Telecommunication opens up opportunities for Palestinians, but also challenges

‘Israel only allowed the use of 3G services in order to better spy on Palestinians.’ (Reuters)
Updated 09 May 2017

Telecommunication opens up opportunities for Palestinians, but also challenges

AMMAN: For years, Palestinians have been asking Israel to release their telecommunication equipment so that they can provide their mobile customers with high-speed mobile.
Israel had insisted that its refusal to allow Palestinians to use the latest technologies was based purely on security concerns.
Mashour Abudaka, former Palestinian minister of telecommunications, told Arab News that the Israeli justifications were illogical.
“The real reasons for the ban were economic and not security. They wanted to help Israeli mobile phone companies that had the 3G technology to benefit by having Palestinians buy their services.”
Abudaka elaborated why the Israeli security argument makes little sense: “All phones use the international gateway which Israel controls. You can’t make a call or have data transferred without going through the Internet and telephone equipment that it controls.”
In 2013, the Israeli reluctance to allow Palestinians high-speed mobile connectivity was raised during the visit of former US President Barack Obama.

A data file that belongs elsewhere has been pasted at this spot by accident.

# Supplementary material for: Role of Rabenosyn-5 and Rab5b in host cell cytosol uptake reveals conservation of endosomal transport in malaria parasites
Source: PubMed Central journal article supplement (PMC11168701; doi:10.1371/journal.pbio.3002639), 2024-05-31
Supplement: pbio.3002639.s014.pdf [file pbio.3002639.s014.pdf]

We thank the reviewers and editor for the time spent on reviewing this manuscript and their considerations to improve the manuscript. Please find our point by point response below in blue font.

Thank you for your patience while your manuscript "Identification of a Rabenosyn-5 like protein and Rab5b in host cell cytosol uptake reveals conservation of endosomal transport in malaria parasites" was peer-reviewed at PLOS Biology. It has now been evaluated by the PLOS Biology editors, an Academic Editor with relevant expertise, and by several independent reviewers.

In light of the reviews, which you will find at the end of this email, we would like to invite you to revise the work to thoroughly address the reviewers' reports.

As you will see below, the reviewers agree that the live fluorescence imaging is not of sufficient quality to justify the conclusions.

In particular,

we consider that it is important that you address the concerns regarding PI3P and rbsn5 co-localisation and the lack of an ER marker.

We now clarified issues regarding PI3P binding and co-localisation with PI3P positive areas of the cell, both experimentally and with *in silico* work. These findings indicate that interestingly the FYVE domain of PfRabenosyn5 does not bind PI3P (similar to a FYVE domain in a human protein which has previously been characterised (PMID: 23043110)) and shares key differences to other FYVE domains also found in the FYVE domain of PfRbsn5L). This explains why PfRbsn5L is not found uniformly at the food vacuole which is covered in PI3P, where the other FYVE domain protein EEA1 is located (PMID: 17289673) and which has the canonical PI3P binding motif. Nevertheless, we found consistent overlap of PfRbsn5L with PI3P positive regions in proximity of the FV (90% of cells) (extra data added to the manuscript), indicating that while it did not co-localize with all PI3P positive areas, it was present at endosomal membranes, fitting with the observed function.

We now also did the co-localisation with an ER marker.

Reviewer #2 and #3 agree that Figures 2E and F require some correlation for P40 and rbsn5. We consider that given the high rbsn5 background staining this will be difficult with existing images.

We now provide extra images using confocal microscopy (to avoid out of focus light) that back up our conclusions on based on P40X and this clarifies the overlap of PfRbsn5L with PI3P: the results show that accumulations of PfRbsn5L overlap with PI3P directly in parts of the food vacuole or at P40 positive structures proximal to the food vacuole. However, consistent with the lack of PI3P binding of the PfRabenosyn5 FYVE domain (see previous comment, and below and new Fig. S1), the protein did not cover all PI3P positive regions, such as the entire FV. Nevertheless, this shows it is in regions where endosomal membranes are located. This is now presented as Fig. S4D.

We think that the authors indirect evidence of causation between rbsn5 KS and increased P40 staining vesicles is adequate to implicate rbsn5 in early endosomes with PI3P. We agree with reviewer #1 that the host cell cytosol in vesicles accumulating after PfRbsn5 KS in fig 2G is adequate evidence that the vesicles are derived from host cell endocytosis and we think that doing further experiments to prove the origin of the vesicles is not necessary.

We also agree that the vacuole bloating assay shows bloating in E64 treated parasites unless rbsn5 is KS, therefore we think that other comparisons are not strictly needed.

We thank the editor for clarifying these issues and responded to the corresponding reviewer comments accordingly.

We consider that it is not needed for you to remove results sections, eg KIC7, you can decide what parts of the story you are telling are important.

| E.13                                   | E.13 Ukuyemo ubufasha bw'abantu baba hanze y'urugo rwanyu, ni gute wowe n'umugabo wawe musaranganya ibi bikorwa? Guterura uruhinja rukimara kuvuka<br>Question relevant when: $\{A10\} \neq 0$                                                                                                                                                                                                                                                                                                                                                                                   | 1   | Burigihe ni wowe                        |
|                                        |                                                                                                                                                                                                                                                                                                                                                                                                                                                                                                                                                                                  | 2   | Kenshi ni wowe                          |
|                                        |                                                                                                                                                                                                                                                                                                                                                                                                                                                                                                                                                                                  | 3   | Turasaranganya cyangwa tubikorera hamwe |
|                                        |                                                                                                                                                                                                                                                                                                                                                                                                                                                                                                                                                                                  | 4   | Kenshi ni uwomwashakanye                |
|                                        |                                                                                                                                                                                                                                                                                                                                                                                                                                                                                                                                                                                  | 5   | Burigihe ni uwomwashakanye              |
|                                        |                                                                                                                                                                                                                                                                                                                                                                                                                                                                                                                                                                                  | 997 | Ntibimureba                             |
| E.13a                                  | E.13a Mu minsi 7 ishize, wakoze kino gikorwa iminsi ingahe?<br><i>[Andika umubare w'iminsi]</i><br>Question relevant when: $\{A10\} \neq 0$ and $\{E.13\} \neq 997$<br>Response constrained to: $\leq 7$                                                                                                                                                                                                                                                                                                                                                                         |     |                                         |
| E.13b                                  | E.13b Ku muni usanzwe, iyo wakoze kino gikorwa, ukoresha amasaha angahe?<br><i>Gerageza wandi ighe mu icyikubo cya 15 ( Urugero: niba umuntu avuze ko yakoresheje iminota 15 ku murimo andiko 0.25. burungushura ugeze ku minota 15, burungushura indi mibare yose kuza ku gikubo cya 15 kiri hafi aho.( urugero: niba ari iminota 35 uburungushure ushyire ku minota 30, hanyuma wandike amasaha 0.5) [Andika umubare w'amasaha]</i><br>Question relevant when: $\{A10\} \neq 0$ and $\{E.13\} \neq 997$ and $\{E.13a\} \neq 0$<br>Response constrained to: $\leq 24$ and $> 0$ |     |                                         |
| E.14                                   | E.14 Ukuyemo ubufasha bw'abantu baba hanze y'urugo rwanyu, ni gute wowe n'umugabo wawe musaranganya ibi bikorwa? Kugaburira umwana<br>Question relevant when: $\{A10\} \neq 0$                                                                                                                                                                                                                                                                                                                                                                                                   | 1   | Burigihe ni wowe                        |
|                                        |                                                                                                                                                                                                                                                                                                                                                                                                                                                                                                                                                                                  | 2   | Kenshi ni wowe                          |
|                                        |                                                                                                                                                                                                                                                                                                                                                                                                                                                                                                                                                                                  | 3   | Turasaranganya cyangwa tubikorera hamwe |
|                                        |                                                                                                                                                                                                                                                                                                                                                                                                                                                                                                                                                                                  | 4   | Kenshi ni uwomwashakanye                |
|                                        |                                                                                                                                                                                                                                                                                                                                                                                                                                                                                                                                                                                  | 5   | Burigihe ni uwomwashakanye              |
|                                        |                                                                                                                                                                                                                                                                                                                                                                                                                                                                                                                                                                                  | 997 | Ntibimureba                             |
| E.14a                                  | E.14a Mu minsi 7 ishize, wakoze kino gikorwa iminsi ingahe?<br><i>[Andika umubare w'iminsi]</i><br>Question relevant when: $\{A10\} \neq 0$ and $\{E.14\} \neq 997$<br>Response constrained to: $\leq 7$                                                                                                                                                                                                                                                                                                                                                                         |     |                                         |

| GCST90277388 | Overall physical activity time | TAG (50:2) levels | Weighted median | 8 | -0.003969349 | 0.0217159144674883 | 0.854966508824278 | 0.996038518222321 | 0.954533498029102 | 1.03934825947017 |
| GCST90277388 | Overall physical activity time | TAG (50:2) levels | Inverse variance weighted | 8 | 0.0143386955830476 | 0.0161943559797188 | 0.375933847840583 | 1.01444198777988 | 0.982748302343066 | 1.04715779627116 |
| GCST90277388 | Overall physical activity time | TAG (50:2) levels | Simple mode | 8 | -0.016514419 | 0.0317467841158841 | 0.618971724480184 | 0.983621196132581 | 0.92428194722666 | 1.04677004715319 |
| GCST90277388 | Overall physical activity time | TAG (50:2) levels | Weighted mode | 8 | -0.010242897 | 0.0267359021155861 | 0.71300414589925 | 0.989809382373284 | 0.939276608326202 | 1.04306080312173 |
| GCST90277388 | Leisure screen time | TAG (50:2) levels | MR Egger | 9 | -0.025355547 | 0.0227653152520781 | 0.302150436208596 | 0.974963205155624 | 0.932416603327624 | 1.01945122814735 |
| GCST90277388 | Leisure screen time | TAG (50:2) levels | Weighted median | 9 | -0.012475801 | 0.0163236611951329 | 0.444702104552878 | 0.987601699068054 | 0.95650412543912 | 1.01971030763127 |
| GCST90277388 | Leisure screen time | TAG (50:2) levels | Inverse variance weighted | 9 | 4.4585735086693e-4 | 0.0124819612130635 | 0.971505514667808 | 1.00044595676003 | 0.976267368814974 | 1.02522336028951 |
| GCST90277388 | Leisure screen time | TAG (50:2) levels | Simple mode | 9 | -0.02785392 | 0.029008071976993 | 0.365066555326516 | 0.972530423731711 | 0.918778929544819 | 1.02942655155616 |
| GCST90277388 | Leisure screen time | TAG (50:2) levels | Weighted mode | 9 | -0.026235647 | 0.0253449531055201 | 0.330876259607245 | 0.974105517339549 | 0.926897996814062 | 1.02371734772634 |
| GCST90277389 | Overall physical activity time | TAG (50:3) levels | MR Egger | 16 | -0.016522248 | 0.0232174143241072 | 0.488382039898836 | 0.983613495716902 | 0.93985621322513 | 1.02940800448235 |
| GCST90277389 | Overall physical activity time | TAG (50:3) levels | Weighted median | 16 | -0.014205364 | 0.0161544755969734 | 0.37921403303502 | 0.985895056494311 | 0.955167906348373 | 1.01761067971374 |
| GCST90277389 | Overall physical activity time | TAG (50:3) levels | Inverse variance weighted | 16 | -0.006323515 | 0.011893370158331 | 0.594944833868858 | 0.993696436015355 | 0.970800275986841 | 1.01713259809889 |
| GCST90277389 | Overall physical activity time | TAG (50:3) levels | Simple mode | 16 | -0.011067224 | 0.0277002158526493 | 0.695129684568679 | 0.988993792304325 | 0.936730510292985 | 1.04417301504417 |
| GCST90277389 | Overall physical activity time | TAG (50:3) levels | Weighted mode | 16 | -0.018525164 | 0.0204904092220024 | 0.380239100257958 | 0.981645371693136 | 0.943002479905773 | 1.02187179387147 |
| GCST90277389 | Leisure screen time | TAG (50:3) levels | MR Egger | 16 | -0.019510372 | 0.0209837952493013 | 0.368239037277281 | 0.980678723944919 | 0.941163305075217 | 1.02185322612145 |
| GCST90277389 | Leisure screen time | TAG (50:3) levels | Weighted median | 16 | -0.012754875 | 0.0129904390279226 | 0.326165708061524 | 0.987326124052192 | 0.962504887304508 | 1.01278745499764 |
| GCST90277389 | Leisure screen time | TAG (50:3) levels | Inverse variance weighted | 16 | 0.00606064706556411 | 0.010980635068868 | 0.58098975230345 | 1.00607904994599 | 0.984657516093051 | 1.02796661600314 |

When Obama was visiting Ramallah, a group of Palestinians put up three huge billboards that spoke directly to him: “Don’t bring your smartphone with you when you come to Ramallah, we have no 3G in Palestine.”
While it was a powerful campaign, it failed to make Israelis budge from their position; they continued to refuse to allow the two licensed Palestinian mobile phone companies to own and operate newer technology.
A Palestinian-Israeli official agreement signed recently removes the last Israeli obstacle that has held up the release of 3G equipment, which has been lying in Israeli warehouses for years.
Abudaka believes that the Israelis agreed to allow 3G as part of their phasing out of older technology, as their companies are moving on to 4G.
In order to understand the background to this decision, one has to go back to the initial Israeli-Palestinian agreement that was expected to usher in the creation of an independent Palestinian state.